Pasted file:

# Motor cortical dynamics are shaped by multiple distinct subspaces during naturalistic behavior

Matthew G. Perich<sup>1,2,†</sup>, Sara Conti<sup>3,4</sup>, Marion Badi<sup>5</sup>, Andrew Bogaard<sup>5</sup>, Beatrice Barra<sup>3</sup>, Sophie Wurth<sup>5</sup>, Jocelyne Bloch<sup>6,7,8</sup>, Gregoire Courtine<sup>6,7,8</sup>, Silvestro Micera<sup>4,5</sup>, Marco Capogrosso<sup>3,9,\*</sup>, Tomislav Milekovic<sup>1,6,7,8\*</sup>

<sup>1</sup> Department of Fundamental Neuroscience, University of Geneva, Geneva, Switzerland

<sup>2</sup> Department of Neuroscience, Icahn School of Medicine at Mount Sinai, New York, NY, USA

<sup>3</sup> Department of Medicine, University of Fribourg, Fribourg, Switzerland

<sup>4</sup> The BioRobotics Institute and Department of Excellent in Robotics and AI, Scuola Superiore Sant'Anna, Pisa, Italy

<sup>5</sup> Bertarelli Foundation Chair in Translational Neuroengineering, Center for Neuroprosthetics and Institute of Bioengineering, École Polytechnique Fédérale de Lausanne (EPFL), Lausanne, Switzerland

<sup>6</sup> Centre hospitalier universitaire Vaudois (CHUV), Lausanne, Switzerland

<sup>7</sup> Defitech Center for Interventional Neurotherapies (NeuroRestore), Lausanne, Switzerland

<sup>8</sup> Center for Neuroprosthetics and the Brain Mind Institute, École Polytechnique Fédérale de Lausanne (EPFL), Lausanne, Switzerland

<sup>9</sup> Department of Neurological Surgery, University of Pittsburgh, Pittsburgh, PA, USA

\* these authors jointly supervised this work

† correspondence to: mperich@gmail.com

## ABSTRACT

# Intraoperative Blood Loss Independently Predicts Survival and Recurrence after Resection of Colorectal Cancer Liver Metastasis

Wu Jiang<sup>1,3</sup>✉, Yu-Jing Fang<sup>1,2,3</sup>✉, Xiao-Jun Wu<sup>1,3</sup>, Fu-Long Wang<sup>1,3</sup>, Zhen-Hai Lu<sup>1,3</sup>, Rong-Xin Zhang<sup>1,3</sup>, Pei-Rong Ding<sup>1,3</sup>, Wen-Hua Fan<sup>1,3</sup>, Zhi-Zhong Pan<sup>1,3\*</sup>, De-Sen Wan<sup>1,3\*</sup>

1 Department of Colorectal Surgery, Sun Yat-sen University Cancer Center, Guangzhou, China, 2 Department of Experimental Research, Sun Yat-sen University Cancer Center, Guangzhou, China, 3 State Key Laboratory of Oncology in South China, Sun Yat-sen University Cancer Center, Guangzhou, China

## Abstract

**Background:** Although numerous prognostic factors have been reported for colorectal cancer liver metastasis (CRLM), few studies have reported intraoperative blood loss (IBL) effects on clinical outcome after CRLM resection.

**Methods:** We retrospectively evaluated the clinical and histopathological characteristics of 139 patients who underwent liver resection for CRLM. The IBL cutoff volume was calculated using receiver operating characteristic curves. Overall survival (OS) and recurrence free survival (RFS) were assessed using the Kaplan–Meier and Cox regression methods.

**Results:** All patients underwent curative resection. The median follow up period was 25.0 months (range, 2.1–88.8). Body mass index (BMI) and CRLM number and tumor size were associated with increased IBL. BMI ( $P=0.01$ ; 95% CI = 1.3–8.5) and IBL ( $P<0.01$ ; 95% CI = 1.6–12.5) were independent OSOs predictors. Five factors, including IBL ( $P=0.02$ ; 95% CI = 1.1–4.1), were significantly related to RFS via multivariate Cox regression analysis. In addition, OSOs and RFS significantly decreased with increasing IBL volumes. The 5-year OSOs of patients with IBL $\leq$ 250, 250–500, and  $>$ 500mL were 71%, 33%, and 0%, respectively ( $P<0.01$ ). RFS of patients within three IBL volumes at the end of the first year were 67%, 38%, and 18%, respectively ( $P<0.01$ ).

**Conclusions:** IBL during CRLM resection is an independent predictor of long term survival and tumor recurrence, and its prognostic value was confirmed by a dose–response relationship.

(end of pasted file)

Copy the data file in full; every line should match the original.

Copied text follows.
# Motor cortical dynamics are shaped by multiple distinct subspaces during naturalistic behavior

Matthew G. Perich<sup>1,2,†</sup>, Sara Conti<sup>3,4</sup>, Marion Badi<sup>5</sup>, Andrew Bogaard<sup>5</sup>, Beatrice Barra<sup>3</sup>, Sophie Wurth<sup>5</sup>, Jocelyne Bloch<sup>6,7,8</sup>, Gregoire Courtine<sup>6,7,8</sup>, Silvestro Micera<sup>4,5</sup>, Marco Capogrosso<sup>3,9,\*</sup>, Tomislav Milekovic<sup>1,6,7,8\*</sup>

<sup>1</sup> Department of Fundamental Neuroscience, University of Geneva, Geneva, Switzerland

<sup>2</sup> Department of Neuroscience, Icahn School of Medicine at Mount Sinai, New York, NY, USA

<sup>3</sup> Department of Medicine, University of Fribourg, Fribourg, Switzerland

<sup>4</sup> The BioRobotics Institute and Department of Excellent in Robotics and AI, Scuola Superiore Sant'Anna, Pisa, Italy

<sup>5</sup> Bertarelli Foundation Chair in Translational Neuroengineering, Center for Neuroprosthetics and Institute of Bioengineering, École Polytechnique Fédérale de Lausanne (EPFL), Lausanne, Switzerland

<sup>6</sup> Centre hospitalier universitaire Vaudois (CHUV), Lausanne, Switzerland

<sup>7</sup> Defitech Center for Interventional Neurotherapies (NeuroRestore), Lausanne, Switzerland

<sup>8</sup> Center for Neuroprosthetics and the Brain Mind Institute, École Polytechnique Fédérale de Lausanne (EPFL), Lausanne, Switzerland

<sup>9</sup> Department of Neurological Surgery, University of Pittsburgh, Pittsburgh, PA, USA

\* these authors jointly supervised this work

† correspondence to: mperich@gmail.com

## ABSTRACT

# Intraoperative Blood Loss Independently Predicts Survival and Recurrence after Resection of Colorectal Cancer Liver Metastasis

Wu Jiang<sup>1,3</sup>✉, Yu-Jing Fang<sup>1,2,3</sup>✉, Xiao-Jun Wu<sup>1,3</sup>, Fu-Long Wang<sup>1,3</sup>, Zhen-Hai Lu<sup>1,3</sup>, Rong-Xin Zhang<sup>1,3</sup>, Pei-Rong Ding<sup>1,3</sup>, Wen-Hua Fan<sup>1,3</sup>, Zhi-Zhong Pan<sup>1,3\*</sup>, De-Sen Wan<sup>1,3\*</sup>

1 Department of Colorectal Surgery, Sun Yat-sen University Cancer Center, Guangzhou, China, 2 Department of Experimental Research, Sun Yat-sen University Cancer Center, Guangzhou, China, 3 State Key Laboratory of Oncology in South China, Sun Yat-sen University Cancer Center, Guangzhou, China

## Abstract

**Background:** Although numerous prognostic factors have been reported for colorectal cancer liver metastasis (CRLM), few studies have reported intraoperative blood loss (IBL) effects on clinical outcome after CRLM resection.

**Methods:** We retrospectively evaluated the clinical and histopathological characteristics of 139 patients who underwent liver resection for CRLM. The IBL cutoff volume was calculated using receiver operating characteristic curves. Overall survival (OS) and recurrence free survival (RFS) were assessed using the Kaplan–Meier and Cox regression methods.

**Results:** All patients underwent curative resection. The median follow up period was 25.0 months (range, 2.1–88.8). Body mass index (BMI) and CRLM number and tumor size were associated with increased IBL. BMI ( $P=0.01$ ; 95% CI = 1.3–8.5) and IBL ( $P<0.01$ ; 95% CI = 1.6–12.5) were independent OSOs predictors. Five factors, including IBL ( $P=0.02$ ; 95% CI = 1.1–4.1), were significantly related to RFS via multivariate Cox regression analysis. In addition, OSOs and RFS significantly decreased with increasing IBL volumes. The 5-year OSOs of patients with IBL $\leq$ 250, 250–500, and  $>$ 500mL were 71%, 33%, and 0%, respectively ( $P<0.01$ ). RFS of patients within three IBL volumes at the end of the first year were 67%, 38%, and 18%, respectively ( $P<0.01$ ).

**Conclusions:** IBL during CRLM resection is an independent predictor of long term survival and tumor recurrence, and its prognostic value was confirmed by a dose–response relationship.